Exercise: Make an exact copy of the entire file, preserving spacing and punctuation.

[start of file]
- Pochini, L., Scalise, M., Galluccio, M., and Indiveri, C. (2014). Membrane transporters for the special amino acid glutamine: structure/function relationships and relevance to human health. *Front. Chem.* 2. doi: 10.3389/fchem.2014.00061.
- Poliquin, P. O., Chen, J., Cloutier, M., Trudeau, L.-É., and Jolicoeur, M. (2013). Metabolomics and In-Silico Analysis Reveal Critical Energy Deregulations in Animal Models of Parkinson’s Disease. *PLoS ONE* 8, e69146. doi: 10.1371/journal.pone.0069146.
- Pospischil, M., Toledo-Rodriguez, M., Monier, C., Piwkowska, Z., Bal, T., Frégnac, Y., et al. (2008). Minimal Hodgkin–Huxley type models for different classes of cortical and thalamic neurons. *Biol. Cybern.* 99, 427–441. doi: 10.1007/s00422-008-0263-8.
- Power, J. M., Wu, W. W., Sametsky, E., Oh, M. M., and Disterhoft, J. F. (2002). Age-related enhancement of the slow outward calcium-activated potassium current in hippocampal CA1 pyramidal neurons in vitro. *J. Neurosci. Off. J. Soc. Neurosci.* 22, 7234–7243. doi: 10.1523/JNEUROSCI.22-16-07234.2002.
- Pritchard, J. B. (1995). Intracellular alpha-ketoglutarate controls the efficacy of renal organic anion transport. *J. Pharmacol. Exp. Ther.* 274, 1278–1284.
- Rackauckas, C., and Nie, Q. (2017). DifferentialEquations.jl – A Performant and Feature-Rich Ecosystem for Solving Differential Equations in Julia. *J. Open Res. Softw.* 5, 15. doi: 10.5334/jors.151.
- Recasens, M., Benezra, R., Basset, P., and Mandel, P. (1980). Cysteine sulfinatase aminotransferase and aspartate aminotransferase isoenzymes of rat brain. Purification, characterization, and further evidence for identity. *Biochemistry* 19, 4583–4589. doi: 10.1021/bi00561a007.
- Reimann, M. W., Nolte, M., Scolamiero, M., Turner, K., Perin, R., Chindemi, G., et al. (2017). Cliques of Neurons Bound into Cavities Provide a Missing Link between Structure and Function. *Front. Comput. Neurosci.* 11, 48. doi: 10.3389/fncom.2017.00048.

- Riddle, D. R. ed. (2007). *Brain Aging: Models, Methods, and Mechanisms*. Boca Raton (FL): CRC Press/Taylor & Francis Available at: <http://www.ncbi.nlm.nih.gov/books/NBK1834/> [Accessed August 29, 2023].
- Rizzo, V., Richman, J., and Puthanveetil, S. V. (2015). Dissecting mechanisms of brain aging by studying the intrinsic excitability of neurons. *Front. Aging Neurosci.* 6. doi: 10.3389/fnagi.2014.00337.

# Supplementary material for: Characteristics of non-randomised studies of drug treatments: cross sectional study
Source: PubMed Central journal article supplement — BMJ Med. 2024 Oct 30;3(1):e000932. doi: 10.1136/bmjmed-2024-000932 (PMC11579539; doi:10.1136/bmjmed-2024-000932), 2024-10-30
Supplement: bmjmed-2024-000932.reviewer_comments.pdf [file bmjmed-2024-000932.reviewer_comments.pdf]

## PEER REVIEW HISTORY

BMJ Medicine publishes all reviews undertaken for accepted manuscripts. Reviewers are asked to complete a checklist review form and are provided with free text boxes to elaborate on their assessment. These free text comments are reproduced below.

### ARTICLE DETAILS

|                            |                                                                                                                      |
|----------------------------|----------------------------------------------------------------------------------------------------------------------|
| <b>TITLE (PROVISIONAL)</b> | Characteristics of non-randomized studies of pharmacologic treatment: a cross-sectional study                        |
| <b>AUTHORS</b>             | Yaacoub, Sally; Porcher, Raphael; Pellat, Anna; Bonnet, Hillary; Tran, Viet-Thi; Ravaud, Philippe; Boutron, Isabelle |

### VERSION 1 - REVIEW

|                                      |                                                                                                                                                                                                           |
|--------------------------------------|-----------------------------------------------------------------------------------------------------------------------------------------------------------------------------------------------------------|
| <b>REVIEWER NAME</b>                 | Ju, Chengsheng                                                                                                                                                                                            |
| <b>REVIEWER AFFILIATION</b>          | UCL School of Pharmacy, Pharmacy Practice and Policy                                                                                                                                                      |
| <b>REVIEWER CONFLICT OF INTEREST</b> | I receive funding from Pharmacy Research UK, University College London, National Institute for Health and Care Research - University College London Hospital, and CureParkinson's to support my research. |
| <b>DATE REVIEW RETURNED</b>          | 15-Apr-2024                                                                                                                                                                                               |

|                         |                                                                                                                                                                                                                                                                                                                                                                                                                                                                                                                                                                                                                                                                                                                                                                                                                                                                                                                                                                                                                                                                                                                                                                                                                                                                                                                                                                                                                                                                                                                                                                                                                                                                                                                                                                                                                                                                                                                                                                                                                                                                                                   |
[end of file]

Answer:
- Pochini, L., Scalise, M., Galluccio, M., and Indiveri, C. (2014). Membrane transporters for the special amino acid glutamine: structure/function relationships and relevance to human health. *Front. Chem.* 2. doi: 10.3389/fchem.2014.00061.
- Poliquin, P. O., Chen, J., Cloutier, M., Trudeau, L.-É., and Jolicoeur, M. (2013). Metabolomics and In-Silico Analysis Reveal Critical Energy Deregulations in Animal Models of Parkinson’s Disease. *PLoS ONE* 8, e69146. doi: 10.1371/journal.pone.0069146.
- Pospischil, M., Toledo-Rodriguez, M., Monier, C., Piwkowska, Z., Bal, T., Frégnac, Y., et al. (2008). Minimal Hodgkin–Huxley type models for different classes of cortical and thalamic neurons. *Biol. Cybern.* 99, 427–441. doi: 10.1007/s00422-008-0263-8.
- Power, J. M., Wu, W. W., Sametsky, E., Oh, M. M., and Disterhoft, J. F. (2002). Age-related enhancement of the slow outward calcium-activated potassium current in hippocampal CA1 pyramidal neurons in vitro. *J. Neurosci. Off. J. Soc. Neurosci.* 22, 7234–7243. doi: 10.1523/JNEUROSCI.22-16-07234.2002.
- Pritchard, J. B. (1995). Intracellular alpha-ketoglutarate controls the efficacy of renal organic anion transport. *J. Pharmacol. Exp. Ther.* 274, 1278–1284.
- Rackauckas, C., and Nie, Q. (2017). DifferentialEquations.jl – A Performant and Feature-Rich Ecosystem for Solving Differential Equations in Julia. *J. Open Res. Softw.* 5, 15. doi: 10.5334/jors.151.
- Recasens, M., Benezra, R., Basset, P., and Mandel, P. (1980). Cysteine sulfinatase aminotransferase and aspartate aminotransferase isoenzymes of rat brain. Purification, characterization, and further evidence for identity. *Biochemistry* 19, 4583–4589. doi: 10.1021/bi00561a007.
- Reimann, M. W., Nolte, M., Scolamiero, M., Turner, K., Perin, R., Chindemi, G., et al. (2017). Cliques of Neurons Bound into Cavities Provide a Missing Link between Structure and Function. *Front. Comput. Neurosci.* 11, 48. doi: 10.3389/fncom.2017.00048.

- Riddle, D. R. ed. (2007). *Brain Aging: Models, Methods, and Mechanisms*. Boca Raton (FL): CRC Press/Taylor & Francis Available at: <http://www.ncbi.nlm.nih.gov/books/NBK1834/> [Accessed August 29, 2023].
- Rizzo, V., Richman, J., and Puthanveetil, S. V. (2015). Dissecting mechanisms of brain aging by studying the intrinsic excitability of neurons. *Front. Aging Neurosci.* 6. doi: 10.3389/fnagi.2014.00337.

# Supplementary material for: Characteristics of non-randomised studies of drug treatments: cross sectional study
Source: PubMed Central journal article supplement — BMJ Med. 2024 Oct 30;3(1):e000932. doi: 10.1136/bmjmed-2024-000932 (PMC11579539; doi:10.1136/bmjmed-2024-000932), 2024-10-30
Supplement: bmjmed-2024-000932.reviewer_comments.pdf [file bmjmed-2024-000932.reviewer_comments.pdf]

## PEER REVIEW HISTORY

BMJ Medicine publishes all reviews undertaken for accepted manuscripts. Reviewers are asked to complete a checklist review form and are provided with free text boxes to elaborate on their assessment. These free text comments are reproduced below.

### ARTICLE DETAILS

|                            |                                                                                                                      |
|----------------------------|----------------------------------------------------------------------------------------------------------------------|
| <b>TITLE (PROVISIONAL)</b> | Characteristics of non-randomized studies of pharmacologic treatment: a cross-sectional study                        |
| <b>AUTHORS</b>             | Yaacoub, Sally; Porcher, Raphael; Pellat, Anna; Bonnet, Hillary; Tran, Viet-Thi; Ravaud, Philippe; Boutron, Isabelle |

### VERSION 1 - REVIEW

|                                      |                                                                                                                                                                                                           |
|--------------------------------------|-----------------------------------------------------------------------------------------------------------------------------------------------------------------------------------------------------------|
| <b>REVIEWER NAME</b>                 | Ju, Chengsheng                                                                                                                                                                                            |
| <b>REVIEWER AFFILIATION</b>          | UCL School of Pharmacy, Pharmacy Practice and Policy                                                                                                                                                      |
| <b>REVIEWER CONFLICT OF INTEREST</b> | I receive funding from Pharmacy Research UK, University College London, National Institute for Health and Care Research - University College London Hospital, and CureParkinson's to support my research. |
| <b>DATE REVIEW RETURNED</b>          | 15-Apr-2024                                                                                                                                                                                               |

|                         |                                                                                                                                                                                                                                                                                                                                                                                                                                                                                                                                                                                                                                                                                                                                                                                                                                                                                                                                                                                                                                                                                                                                                                                                                                                                                                                                                                                                                                                                                                                                                                                                                                                                                                                                                                                                                                                                                                                                                                                                                                                                                                   |